Here are some high level points about Wal-Mart’s generic program.
More Volume = Lower Cost of Dispensing. Way back in my still-valid December 2006 analysis, I predicted that Wal-Mart would benefit from the program by generating incremental prescription volume for its relatively underutilized pharmacies. Wal-Mart senior vice president John Agwunobi confirmed my view yesterday in this Associated Press story, saying: “It also offers us the ability to add capacity to our pharmacies without adding people."
Wal-Mart’s generics are not loss leaders. Last October, I compared Wal-Mart’s retail generic prices to average acquisition costs and found average gross margins of 24%. These calculations dramatically underestimate Wal-Mart’s actual gross margin because Wal-Mart's product acquisition costs are much lower than the independents, supermarkets, and small chains that buy through wholesalers.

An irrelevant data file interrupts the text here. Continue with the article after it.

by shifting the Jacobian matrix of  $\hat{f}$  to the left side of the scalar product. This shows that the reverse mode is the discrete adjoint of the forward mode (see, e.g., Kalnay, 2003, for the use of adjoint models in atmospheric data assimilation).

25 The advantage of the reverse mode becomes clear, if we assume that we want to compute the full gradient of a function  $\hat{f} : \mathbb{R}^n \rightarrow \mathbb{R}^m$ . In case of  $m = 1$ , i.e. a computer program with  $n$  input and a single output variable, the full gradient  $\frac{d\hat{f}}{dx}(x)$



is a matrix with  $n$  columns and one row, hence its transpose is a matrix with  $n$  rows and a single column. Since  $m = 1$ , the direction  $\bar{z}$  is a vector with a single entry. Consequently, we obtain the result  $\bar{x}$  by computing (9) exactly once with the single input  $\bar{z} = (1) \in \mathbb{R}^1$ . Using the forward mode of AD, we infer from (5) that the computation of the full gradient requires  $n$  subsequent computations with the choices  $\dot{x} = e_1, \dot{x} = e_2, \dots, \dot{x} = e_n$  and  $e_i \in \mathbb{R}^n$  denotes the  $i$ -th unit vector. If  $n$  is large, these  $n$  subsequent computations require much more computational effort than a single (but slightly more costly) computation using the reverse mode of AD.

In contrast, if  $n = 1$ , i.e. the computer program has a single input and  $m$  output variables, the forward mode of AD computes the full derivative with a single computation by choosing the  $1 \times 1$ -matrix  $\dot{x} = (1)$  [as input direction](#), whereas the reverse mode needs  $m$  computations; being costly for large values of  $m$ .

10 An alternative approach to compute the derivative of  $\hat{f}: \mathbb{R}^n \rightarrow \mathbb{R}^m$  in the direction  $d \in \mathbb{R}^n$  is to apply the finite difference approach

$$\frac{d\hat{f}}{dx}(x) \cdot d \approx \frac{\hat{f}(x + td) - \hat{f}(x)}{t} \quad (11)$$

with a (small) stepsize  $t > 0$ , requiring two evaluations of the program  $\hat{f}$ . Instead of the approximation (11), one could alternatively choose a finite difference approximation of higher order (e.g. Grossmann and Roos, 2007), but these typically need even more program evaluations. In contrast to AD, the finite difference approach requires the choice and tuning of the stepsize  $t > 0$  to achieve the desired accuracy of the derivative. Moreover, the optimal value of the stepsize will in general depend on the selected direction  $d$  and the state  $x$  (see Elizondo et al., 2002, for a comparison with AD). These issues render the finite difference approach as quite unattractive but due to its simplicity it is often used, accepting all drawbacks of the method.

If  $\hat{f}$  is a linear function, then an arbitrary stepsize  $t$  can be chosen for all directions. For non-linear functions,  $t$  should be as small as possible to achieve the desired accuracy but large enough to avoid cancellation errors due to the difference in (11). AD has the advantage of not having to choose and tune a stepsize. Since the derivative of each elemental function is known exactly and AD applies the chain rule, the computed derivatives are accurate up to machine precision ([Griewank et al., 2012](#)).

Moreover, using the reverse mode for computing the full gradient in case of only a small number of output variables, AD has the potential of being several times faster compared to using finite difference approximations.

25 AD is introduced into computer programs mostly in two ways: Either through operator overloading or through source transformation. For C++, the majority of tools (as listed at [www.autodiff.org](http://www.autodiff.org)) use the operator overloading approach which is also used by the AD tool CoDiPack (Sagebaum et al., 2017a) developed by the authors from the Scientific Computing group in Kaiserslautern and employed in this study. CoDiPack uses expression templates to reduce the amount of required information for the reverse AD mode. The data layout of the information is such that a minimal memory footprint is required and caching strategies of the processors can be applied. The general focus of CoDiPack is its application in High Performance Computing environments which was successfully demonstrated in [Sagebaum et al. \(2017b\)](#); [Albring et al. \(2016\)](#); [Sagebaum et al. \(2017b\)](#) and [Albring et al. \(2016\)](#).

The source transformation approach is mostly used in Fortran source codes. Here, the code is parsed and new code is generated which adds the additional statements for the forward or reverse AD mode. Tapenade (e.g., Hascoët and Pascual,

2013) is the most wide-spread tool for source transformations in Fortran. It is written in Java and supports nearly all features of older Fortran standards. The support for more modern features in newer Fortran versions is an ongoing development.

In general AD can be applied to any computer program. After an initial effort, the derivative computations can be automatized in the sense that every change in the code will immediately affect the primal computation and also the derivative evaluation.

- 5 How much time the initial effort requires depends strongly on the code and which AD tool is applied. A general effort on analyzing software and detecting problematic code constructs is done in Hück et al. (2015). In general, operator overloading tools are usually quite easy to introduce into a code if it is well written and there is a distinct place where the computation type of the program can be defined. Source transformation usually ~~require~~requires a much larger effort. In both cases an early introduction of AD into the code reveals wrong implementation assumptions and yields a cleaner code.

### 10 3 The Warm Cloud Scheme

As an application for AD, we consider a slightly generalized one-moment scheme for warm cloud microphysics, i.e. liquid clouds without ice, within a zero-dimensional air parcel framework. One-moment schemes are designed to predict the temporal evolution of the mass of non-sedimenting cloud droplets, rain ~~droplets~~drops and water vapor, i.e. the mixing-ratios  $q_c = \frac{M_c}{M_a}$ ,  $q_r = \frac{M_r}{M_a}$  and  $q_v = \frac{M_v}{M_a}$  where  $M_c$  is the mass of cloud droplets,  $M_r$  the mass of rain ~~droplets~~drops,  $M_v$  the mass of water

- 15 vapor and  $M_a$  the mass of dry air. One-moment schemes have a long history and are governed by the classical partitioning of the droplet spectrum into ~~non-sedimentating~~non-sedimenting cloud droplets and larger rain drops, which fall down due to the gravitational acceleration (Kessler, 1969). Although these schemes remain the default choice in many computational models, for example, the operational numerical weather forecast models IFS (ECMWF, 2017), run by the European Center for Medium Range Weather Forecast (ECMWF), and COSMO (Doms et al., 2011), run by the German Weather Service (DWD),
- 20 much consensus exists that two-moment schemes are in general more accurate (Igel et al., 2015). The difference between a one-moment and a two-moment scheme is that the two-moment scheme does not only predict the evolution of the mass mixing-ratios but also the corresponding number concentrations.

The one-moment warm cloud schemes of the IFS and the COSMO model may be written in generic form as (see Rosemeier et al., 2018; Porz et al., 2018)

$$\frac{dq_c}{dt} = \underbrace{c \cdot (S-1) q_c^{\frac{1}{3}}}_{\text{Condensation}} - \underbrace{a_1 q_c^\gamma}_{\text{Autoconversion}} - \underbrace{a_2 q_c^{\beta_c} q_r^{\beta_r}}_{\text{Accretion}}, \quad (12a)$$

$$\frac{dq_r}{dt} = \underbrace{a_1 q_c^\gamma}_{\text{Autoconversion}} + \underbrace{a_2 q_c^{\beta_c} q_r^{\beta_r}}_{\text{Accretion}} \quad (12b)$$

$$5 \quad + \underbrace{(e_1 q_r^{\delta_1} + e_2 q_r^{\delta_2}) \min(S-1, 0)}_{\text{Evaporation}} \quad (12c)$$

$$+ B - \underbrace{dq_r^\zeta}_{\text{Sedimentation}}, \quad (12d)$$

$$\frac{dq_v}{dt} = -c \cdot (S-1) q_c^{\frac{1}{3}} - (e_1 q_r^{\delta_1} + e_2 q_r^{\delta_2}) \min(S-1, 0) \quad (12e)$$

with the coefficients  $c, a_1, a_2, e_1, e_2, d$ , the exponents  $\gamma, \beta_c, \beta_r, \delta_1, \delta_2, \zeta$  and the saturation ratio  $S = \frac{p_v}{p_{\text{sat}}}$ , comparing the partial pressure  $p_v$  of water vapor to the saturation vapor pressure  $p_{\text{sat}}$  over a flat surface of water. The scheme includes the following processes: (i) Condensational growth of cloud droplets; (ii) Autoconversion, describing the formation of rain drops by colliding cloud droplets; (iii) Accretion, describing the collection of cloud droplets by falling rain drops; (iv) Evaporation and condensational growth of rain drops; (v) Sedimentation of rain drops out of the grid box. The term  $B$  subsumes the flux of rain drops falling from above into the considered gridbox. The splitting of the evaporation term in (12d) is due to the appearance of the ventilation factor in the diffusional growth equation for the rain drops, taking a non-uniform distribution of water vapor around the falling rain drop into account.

State governors love this program. Medicaid does not pay more than a cash customer at a given pharmacy because a pharmacy can not be reimbursed by Medicaid for more than its Usual & Customary charge. Thus, states pay less whenever Wal-Mart fills a Medicaid generic script for which Wal-Mart’s retail price is below the Medicaid reimbursement rate. State revenues are declining due to the economic slowdown, making Wal-Mart look good.
Cash-pay customers also love the program. Wal-Mart is offering a great value for uninsured and under-insured patients, a point that I made in the Financial Times on Monday. In contrast, consumers with third-party insurance do not save much versus standard co-pays, which is why chains such as CVS Caremark (CVS) or Walgreens (WAG) are not very vulnerable to Wal-Mart’s program.
Price shoppers are fans, too. There are wide and apparently persistent variations in pharmacy prices for many common, high volume generics. (See The Price Might Be Right.) Wal-Mart’s program simplifies the search process, especially for elderly Part D participants trying to stay below the donut hole. (See Part D and Generics.)
Curiously, NCPA declined to issue its usual denunciation about how Wal-Mart’s program is a “classic bait-and-switch” (9/28/06) or “devaluing and destroying the practice of pharmacy” (9/27/07). Perhaps the surviving independents have figured out how to coexist with Wal-Mart, as implied by 2007’s unexpected growth at independent pharmacies?